On fine structure of strings: the universal correction to the Veneziano amplitude
HJE
On fine structure of strings: the universal correction
Amit Sever 0 1 2 3 5
Alexander Zhiboedov 0 1 2 4
0 17 Oxford Street, Cambridge, MA 20138 , U.S.A
1 Ramat Aviv 69978 , Israel
2 1211 Geneva 23 , Switzerland
3 School of Physics and Astronomy, Tel Aviv University
4 Department of Physics, Harvard University
5 CERN, Theoretical Physics Department
We consider theories of weakly interacting higher spin particles in flat spacetime. We focus on the fourpoint scattering amplitude at high energies and imaginary scattering angles. The leading asymptotic of the amplitude in this regime is universal and equal to the corresponding limit of the Veneziano amplitude. In this paper, we find that the first subleading correction to this asymptotic is universal as well. We compute the correction using a model of relativistic strings with massive endpoints. We argue that it is unique using holography, effective theory of long strings and bootstrap techniques.
1/N Expansion; Confinement

Meson spectrum
Meson scattering
PolchinskiStrassler mechanism
Massive ends approximation
Massive ends in the conformal gauge
Effective theory of long strings
Solving for the boundary metric Correction to the amplitude
Classical scattering of strings with massive ends
Discontinuity, Lorentzian segments and emergence of the s − u crossing 15
4.1
Derivation
Bootstrap
1 Introduction 2
Holographic setup 3 4 5
6
A
2.1
2.2
2.3
2.4
2.5
2.6
3.1
3.2
5.1
5.2
5.3
5.4
5.5
5.6
5.7
5.8
5.9
Discontinuities of the massive endpoints correction
Bootstrapping the correction
– 1 –
5.10 Fixing the solution
5.11 The role of crossing
Conclusions
A.1 Order m0
A.2 Order m1/2
A.3 Order m1
A.4 Order m3/2
A.5 Evaluation of A4
Mass perturbation for the fourpoint amplitude
B Bootstrap in Mellin space 40
Introduction
Weakly interacting higher spin particles (WIHS) appear in very different physical
contexts [1]. One is the YangMills theory at large N , where higher spin particles correspond
to approximately stable resonances (glueballs) with various masses and spins. Another is
HJEP06(218)54
treelevel scattering amplitudes of fundamental strings. In this case, higher spin particles
describe excitations of a fundamental string.
The Smatrix bootstrap aims to classify all such theories of weakly interacting higher
spin particles (WIHS) based on general principles. Twototwo scattering in such theories is
described by a meromorphic function A(s, t). It packs together in a neat way the spectrum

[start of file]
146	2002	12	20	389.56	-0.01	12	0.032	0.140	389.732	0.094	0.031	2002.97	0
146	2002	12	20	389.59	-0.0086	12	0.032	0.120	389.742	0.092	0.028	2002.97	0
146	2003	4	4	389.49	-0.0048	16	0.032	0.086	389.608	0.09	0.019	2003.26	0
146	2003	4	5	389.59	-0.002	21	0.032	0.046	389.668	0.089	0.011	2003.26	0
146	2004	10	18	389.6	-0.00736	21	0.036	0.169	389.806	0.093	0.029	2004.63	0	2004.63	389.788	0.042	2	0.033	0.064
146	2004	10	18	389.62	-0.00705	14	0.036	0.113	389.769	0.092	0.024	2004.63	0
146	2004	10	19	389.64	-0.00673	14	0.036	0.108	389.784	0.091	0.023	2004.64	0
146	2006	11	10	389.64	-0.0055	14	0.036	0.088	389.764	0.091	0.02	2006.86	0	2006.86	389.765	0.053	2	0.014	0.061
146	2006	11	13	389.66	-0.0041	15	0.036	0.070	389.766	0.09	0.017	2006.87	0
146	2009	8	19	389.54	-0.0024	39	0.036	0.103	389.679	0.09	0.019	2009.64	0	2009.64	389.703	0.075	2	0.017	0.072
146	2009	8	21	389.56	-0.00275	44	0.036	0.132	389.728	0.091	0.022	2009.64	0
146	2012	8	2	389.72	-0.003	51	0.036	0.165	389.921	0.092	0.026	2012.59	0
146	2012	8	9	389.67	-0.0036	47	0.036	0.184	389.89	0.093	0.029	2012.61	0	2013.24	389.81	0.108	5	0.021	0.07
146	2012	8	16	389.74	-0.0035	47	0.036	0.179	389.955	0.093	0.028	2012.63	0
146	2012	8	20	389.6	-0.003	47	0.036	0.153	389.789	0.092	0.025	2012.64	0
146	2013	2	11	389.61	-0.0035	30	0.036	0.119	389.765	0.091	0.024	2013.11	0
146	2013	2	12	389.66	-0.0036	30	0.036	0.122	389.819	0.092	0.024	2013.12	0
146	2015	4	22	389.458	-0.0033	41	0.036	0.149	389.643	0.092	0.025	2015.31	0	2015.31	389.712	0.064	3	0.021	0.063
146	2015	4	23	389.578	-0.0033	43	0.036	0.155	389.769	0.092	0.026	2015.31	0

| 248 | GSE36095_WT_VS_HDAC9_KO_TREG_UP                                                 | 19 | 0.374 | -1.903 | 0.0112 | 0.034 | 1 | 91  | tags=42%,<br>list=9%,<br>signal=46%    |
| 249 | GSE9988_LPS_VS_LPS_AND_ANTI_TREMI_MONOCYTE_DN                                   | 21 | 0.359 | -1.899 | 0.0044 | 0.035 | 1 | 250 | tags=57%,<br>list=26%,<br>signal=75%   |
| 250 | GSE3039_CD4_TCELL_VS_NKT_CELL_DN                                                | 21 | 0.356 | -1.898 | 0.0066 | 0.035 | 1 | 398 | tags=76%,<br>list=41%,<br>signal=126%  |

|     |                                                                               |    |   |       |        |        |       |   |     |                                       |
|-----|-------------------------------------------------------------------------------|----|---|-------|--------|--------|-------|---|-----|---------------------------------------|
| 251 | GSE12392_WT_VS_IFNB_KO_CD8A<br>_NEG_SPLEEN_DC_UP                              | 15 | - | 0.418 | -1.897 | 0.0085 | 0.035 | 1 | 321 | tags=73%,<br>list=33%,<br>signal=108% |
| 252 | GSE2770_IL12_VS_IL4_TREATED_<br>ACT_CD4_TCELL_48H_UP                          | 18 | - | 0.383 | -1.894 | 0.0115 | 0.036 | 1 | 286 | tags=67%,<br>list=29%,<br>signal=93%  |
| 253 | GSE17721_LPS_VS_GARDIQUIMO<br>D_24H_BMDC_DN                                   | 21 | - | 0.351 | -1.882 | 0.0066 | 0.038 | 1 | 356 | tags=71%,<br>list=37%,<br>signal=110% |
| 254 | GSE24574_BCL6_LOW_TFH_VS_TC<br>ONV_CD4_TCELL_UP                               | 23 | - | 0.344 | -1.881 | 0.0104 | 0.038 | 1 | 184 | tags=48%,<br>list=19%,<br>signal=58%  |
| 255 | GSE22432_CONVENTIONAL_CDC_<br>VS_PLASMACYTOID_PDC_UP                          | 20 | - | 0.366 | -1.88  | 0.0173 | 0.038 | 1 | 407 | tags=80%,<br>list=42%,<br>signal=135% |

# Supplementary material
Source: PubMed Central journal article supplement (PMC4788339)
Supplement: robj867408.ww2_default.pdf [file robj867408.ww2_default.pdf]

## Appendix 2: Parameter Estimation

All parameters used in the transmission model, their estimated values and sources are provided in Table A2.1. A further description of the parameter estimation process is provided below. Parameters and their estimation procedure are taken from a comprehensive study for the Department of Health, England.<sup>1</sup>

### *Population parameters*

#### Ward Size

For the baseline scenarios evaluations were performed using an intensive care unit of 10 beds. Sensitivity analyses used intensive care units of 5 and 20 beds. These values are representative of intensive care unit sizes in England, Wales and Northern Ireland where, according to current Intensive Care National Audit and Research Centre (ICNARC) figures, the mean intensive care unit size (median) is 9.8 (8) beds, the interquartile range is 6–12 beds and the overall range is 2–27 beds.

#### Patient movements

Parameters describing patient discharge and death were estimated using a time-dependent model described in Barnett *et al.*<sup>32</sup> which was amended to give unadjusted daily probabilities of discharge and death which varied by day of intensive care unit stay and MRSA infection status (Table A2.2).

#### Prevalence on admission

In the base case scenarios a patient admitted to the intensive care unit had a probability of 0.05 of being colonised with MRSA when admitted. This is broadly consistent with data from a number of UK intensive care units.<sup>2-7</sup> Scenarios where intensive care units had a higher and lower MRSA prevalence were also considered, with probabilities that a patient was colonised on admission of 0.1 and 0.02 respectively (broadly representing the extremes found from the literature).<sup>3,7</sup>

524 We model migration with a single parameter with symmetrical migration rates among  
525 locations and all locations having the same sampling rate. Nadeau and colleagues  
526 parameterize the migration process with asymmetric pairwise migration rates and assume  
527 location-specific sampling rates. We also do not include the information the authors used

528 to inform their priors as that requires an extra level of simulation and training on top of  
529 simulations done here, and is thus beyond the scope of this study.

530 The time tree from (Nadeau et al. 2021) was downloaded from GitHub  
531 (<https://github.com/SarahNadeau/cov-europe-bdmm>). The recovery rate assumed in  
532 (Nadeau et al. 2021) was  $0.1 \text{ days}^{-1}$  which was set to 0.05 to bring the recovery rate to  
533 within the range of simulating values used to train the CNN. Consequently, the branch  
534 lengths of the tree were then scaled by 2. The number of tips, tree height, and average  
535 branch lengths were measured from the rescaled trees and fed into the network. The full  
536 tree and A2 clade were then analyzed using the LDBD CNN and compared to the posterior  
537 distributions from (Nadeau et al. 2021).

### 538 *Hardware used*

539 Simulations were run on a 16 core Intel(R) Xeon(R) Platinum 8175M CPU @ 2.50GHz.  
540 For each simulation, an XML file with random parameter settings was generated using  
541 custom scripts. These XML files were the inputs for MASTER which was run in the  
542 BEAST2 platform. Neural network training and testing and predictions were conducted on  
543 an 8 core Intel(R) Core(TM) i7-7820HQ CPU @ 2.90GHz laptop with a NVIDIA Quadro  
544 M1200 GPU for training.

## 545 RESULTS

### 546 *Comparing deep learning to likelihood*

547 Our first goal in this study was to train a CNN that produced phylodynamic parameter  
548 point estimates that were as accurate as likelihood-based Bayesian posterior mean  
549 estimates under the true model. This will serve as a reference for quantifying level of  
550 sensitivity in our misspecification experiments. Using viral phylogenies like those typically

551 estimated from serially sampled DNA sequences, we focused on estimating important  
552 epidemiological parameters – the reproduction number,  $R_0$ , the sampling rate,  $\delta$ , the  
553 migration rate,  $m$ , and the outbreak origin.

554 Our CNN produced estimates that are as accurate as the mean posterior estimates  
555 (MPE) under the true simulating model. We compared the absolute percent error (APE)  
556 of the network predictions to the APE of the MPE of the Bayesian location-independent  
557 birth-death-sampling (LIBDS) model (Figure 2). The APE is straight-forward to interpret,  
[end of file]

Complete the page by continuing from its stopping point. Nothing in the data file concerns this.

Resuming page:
of particles mi and a set of threepoint couplings cijk.
Unitarity and causality, together with the presence of particles of spin higher than
two, results in a set of highly nontrivial constraints on the amplitude. At the present
moment only one solution to the problem is known explicitly — the celebrated Veneziano
formula [2] (and its cousins [3, 4]). This amplitude has several nongeneric properties such
as exact linearity of the Regge trajectories, an exact degeneracy of the spectrum and soft
high energy, fixed angle behavior [5].1
Without further assumptions, (i.e. the existence
of massless spin two particle in the spectrum), these properties are not expected to hold.
In other known theories of WIHS, such as confining gauge theories in the large N limit,
the high energy behavior for real scattering angles is powerlike [8] and no degeneracy at
all is expected in the spectrum [9–11]. Correspondingly, the details of A(s, t) may differ
significantly from one WIHS to another.
In [12] a systematic study of WIHS theories was initiated by studying the scattering
amplitudes at large energies and imaginary scattering angles. This kinematical regime is
controlled by the fastest spinning particles and was shown to be universal [12]. Namely, in
any WIHS the s, t ≫ 1 asymptotic of the amplitude A(s, t) coincides with the limit of the
Veneziano amplitude
s,t≫1
lim log A(s, t) = α′ [(s + t) log(s + t) − s log s − t log t] + . . . .
(1.1)
The analysis of [12] assumed that there is no accumulation point in the spectrum and
that there is a separation of scales in the large s, t limit. Correspondingly, the result (1.1)
shows that any WIHS theory satisfying these assumptions is a theory of strings. Specifically,
its spectrum contains an infinite set of asymptotically linear Regge trajectories.
To put this bootstrap program on a systematic computational path, we must
understand what the possible corrections to (1.1) are. Universality can only arise for the first
1In [6, 7] an ansatz for the scattering amplitude was analyzed for which the leading Regge trajectory
is piecewise linear and flat for negative t. It consists of an infinite sum of the Veneziano amplitudes with
different slopes approaching zero, all sharing the same mass spectrum.
– 2 –
few terms in the large s, t expansion. Beyond the universal terms, more assumptions will
be needed to fix the amplitude and the corresponding class of WIHS theories.
The aim of this paper is to study the universal corrections to (1.1). The result of our
analysis is that there is a unique, universal correction to (1.1) that grows with energy. This
correction scales as s1/4 in the limit s, t ≫ 1 with st held fixed. It takes the following form2
δ log A(s, t) = −m3/2 16√πα′
3
st
s + t
1/4
K
s
s + t
t
s + t
+ K
where K(x) is a complete elliptic integral of the first kind. A parameter m is the new scale
that enters the amplitude. On the string theory side, it could be thought of as adding a
point mass at the endpoint of the string that slows down its motion.3 The correction (1.2)
implies that the leading Regge trajectory takes the following form
8√π
3
which (1.1) and (1.2) are built.